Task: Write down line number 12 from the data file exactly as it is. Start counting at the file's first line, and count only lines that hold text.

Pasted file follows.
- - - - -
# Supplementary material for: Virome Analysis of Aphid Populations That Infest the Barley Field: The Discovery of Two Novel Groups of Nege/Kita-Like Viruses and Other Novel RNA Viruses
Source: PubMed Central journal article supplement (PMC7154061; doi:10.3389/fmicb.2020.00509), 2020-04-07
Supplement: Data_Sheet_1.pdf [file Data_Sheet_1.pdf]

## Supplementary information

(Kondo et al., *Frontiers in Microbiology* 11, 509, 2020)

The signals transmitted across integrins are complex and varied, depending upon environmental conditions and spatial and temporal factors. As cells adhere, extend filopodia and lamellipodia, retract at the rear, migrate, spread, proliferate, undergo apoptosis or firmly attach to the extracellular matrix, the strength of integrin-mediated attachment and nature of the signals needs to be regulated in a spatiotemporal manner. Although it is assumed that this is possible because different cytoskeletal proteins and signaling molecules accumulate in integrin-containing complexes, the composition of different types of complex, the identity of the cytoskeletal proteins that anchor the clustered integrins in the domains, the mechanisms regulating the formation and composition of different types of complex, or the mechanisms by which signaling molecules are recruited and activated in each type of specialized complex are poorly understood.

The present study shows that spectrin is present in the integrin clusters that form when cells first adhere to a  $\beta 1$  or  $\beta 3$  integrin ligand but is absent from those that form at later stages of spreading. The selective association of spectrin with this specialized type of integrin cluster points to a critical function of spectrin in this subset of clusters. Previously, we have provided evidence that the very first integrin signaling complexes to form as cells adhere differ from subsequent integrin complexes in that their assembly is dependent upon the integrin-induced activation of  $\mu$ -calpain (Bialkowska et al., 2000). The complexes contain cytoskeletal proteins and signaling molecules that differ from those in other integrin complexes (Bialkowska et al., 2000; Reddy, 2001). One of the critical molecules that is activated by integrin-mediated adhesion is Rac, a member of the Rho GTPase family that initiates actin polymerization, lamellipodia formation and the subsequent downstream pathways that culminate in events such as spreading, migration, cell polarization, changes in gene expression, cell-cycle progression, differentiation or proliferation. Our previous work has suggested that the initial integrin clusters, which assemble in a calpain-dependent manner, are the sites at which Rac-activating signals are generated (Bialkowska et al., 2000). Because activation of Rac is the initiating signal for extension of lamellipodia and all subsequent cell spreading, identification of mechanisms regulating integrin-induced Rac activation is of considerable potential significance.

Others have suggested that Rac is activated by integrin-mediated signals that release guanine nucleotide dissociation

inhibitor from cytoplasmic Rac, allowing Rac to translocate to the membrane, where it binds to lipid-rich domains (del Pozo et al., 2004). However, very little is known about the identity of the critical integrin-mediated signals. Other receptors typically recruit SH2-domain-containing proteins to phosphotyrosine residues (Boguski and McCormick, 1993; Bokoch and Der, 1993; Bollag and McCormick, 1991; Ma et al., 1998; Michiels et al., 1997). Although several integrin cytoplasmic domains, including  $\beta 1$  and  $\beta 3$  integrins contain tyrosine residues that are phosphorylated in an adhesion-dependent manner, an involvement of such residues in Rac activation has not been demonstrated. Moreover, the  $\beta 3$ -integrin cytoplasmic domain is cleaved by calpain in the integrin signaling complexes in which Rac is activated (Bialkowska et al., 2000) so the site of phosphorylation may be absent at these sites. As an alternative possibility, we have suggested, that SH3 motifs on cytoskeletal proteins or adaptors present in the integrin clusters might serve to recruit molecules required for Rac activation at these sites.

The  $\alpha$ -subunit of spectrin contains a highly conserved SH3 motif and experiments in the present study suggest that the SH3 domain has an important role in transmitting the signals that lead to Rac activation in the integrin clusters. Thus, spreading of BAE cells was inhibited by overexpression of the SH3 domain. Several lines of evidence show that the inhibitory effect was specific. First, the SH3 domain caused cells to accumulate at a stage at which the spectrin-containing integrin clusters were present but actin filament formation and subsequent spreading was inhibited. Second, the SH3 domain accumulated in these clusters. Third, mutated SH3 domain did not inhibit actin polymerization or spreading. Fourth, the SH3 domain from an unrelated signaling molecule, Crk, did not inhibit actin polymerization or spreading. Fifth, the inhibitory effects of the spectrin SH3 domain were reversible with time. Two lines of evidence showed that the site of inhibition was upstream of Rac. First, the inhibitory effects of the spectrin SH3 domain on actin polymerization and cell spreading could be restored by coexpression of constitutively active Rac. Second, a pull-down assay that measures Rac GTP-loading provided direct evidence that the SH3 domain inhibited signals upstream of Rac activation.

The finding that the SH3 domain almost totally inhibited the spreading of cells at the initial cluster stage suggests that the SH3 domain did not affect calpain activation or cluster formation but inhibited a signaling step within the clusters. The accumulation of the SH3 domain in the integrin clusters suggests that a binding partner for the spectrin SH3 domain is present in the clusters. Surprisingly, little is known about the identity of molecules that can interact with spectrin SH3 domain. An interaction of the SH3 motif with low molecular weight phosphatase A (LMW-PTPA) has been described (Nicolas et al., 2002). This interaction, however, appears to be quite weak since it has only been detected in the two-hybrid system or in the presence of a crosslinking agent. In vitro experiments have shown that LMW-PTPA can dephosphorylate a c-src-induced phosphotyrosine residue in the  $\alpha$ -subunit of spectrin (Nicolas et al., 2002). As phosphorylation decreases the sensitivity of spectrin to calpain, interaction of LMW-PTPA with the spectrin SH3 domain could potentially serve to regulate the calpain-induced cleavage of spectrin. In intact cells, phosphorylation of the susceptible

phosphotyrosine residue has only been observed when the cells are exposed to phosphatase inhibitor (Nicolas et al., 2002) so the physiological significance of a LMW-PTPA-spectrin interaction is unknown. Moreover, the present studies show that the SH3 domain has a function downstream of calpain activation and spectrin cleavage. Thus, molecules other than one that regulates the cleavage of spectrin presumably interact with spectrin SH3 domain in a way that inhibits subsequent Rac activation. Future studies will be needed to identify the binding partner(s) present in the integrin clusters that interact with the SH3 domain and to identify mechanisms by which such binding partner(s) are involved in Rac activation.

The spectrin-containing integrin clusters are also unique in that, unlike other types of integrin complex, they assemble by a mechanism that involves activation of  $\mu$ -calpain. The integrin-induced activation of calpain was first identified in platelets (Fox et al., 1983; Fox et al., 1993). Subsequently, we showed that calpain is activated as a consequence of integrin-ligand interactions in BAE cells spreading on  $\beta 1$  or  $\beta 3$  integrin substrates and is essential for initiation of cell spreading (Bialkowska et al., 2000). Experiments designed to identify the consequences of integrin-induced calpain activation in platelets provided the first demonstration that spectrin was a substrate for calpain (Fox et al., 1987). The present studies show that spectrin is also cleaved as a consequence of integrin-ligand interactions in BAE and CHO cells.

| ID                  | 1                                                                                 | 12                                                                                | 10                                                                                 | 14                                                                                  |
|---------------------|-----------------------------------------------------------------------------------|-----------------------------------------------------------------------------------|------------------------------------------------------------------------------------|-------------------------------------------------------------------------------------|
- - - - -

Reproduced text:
phosphotyrosine residue has only been observed when the cells are exposed to phosphatase inhibitor (Nicolas et al., 2002) so the physiological significance of a LMW-PTPA-spectrin interaction is unknown. Moreover, the present studies show that the SH3 domain has a function downstream of calpain activation and spectrin cleavage. Thus, molecules other than one that regulates the cleavage of spectrin presumably interact with spectrin SH3 domain in a way that inhibits subsequent Rac activation. Future studies will be needed to identify the binding partner(s) present in the integrin clusters that interact with the SH3 domain and to identify mechanisms by which such binding partner(s) are involved in Rac activation.